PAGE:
On my way home from work tonight, I discussed Ruppert with a friend who happened to click on a link to Collapse in one of my comments a few days ago. Sideswiped by Ruppert much as I had been, we parted with my assurance to send him a link to Ruppert’s blog. What I discovered imploded reality – Michael C. Ruppert committed suicide in April 2014.

Still shaken, my request is that you click on the link below. If that proves daunting, at the very least read the eulogy below. RIP Michael C. Ruppert.

http://www.globalresearch.ca/911-truth-courageous-lapd-whistle-blower-michael-ruppert-committed-suicide-why/5378861


Here is a eulogy from a friend of Michael Ruppert, Sander Hicks

“Mike Ruppert was a friend of mine.

“He was an American prophet, a social critic, and a 9/11 truther. He had his enemies and he had his demons. He confronted the enemies. Not sure he confronted the demons.

But we can’t judge that now.

 “His death this past weekend is a huge loss for the people. When I say ‘the people’ I mean anyone who cares about a political system out of control, blind to its own corruption, deluded by its sugar-free media.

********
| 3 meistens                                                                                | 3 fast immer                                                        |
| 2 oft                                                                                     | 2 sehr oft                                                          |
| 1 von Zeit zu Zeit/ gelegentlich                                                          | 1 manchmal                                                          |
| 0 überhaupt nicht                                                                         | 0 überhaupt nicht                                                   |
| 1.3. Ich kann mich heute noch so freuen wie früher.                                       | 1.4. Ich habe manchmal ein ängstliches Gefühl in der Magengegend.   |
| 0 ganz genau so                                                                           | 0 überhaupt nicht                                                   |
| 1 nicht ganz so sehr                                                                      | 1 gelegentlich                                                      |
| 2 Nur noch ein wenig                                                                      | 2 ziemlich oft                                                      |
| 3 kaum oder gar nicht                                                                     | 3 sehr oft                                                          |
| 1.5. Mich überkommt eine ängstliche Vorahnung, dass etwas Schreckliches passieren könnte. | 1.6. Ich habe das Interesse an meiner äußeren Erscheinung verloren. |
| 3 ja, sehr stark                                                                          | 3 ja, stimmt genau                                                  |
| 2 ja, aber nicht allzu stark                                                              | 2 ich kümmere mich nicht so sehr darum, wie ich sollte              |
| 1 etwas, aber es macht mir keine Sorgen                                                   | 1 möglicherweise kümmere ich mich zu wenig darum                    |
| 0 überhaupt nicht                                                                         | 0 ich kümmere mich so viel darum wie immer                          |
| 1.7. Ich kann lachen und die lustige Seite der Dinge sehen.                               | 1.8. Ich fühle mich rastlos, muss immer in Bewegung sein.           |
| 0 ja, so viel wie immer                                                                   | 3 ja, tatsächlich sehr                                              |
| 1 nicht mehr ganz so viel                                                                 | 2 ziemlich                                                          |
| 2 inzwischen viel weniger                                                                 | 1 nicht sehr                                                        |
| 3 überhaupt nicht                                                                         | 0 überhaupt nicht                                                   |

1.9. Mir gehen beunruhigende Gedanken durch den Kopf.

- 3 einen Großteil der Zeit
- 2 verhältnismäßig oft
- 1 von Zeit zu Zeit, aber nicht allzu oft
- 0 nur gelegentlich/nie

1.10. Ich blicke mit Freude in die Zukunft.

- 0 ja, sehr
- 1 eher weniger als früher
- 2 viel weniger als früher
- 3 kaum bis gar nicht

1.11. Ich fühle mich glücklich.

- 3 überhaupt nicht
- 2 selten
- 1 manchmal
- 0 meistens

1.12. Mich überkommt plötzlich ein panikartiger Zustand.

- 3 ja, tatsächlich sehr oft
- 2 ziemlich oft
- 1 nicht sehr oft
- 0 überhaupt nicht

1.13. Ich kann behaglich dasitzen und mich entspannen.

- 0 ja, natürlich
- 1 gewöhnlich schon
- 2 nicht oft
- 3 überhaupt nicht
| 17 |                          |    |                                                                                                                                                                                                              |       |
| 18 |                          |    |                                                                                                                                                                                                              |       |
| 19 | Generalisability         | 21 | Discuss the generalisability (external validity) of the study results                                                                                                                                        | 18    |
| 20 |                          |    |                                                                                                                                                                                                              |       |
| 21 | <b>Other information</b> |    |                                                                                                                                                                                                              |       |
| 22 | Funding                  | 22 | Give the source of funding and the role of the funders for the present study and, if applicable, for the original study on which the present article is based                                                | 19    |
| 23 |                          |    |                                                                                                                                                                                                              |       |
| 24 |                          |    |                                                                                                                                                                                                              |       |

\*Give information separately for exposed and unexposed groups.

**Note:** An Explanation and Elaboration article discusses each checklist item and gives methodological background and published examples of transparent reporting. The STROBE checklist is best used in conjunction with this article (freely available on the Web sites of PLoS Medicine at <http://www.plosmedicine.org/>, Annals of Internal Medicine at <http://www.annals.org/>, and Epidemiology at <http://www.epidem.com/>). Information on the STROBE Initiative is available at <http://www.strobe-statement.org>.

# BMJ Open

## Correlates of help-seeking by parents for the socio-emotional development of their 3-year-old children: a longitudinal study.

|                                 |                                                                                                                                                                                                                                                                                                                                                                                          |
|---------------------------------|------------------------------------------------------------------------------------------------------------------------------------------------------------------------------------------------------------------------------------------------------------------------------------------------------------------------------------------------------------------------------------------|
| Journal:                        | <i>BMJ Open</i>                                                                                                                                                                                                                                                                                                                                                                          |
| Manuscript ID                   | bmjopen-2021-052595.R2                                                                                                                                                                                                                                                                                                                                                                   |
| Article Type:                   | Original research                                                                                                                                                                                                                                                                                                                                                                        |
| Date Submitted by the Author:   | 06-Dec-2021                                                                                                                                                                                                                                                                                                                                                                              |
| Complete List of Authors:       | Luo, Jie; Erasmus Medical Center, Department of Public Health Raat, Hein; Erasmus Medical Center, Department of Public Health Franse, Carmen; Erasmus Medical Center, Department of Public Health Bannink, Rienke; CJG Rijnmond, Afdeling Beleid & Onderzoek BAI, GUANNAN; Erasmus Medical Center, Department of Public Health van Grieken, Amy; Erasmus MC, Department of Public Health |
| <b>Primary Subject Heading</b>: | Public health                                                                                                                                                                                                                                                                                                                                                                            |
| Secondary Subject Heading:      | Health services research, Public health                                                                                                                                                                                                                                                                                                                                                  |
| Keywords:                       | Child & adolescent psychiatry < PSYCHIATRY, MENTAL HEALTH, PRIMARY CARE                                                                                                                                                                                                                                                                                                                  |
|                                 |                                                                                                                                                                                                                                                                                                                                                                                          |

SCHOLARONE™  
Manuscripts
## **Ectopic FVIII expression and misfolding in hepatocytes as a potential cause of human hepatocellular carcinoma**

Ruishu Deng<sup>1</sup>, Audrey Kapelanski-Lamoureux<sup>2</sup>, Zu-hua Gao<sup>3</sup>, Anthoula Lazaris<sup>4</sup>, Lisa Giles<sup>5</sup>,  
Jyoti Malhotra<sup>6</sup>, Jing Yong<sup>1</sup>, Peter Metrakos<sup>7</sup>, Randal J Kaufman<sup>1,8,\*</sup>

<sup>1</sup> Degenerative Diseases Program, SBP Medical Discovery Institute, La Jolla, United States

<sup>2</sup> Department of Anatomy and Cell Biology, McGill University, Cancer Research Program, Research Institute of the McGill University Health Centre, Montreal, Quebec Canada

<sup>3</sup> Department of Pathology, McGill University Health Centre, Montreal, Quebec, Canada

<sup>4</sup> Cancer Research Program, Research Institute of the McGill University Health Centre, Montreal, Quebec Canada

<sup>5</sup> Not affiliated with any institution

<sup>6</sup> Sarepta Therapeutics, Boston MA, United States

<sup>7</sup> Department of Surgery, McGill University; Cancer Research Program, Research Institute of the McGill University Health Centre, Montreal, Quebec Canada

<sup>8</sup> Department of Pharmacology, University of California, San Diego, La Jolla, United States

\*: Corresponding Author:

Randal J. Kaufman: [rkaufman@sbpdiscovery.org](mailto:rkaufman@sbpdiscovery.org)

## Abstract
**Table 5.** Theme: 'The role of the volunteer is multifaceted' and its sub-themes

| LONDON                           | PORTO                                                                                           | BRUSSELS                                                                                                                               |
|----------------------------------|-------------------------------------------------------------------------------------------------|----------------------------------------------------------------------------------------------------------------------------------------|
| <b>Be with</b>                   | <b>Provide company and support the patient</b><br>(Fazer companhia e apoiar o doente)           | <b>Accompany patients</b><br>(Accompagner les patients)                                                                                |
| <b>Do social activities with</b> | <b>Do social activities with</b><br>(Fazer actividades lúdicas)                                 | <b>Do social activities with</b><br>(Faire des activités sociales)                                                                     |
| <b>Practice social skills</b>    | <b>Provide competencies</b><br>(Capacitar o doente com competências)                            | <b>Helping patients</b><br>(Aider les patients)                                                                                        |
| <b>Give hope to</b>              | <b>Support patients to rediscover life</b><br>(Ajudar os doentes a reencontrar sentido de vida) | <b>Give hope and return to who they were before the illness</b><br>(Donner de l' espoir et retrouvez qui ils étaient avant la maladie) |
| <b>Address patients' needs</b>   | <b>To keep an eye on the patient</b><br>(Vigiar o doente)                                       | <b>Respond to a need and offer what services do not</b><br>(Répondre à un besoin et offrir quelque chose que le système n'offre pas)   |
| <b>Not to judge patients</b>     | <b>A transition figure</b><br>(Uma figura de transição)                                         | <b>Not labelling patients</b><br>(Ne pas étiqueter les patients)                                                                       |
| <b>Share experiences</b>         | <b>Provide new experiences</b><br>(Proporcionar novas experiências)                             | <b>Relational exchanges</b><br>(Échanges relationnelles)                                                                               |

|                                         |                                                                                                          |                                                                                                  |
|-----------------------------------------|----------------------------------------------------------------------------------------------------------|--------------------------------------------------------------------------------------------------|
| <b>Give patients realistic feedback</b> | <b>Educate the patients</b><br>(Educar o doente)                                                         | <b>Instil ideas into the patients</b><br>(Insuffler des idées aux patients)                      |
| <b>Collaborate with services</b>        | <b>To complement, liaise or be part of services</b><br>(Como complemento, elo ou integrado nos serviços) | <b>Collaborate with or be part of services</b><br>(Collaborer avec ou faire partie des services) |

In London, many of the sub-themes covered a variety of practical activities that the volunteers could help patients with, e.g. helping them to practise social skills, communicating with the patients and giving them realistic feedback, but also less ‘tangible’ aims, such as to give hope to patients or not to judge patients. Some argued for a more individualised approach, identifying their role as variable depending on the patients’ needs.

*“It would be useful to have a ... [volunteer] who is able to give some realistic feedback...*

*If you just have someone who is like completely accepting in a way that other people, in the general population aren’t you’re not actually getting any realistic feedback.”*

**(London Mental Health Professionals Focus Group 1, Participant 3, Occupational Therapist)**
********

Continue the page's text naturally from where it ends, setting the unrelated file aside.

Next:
“Ruppert was a trained investigator who sought to expose the shadow elements of the US government involved in drug trafficking and fake terrorism. He had the financial perception to alert the American people to the imminent economic crash, two years before the meltdown of 2008. Mike Ruppert was one of the first to point out the gross anomalies and obtuse leaps of logic in the Bush/Cheney explanations for the 9/11 attacks. In an authoritative book, Ruppert even accused Vice President Dick Cheney as the chief executor of the 9/11 attacks.

“We met in 1999 in New York City. Ruppert came into my life like a sentinel from a different reality. I had just gone through a kind of gateway, and he was like Morpheus in the Matrix, welcoming me in.  My red pill had been the disruptive re-print of a certain controversial biography of then Governor George W. Bush. As an immediate result, an entire class of underground whistle-blowers popped up to welcome me into their world. Welcome to Zion. You are in. They introduced me to sets of facts and data that were verboten in the blue pill media. Ruppert was at the center of that gang.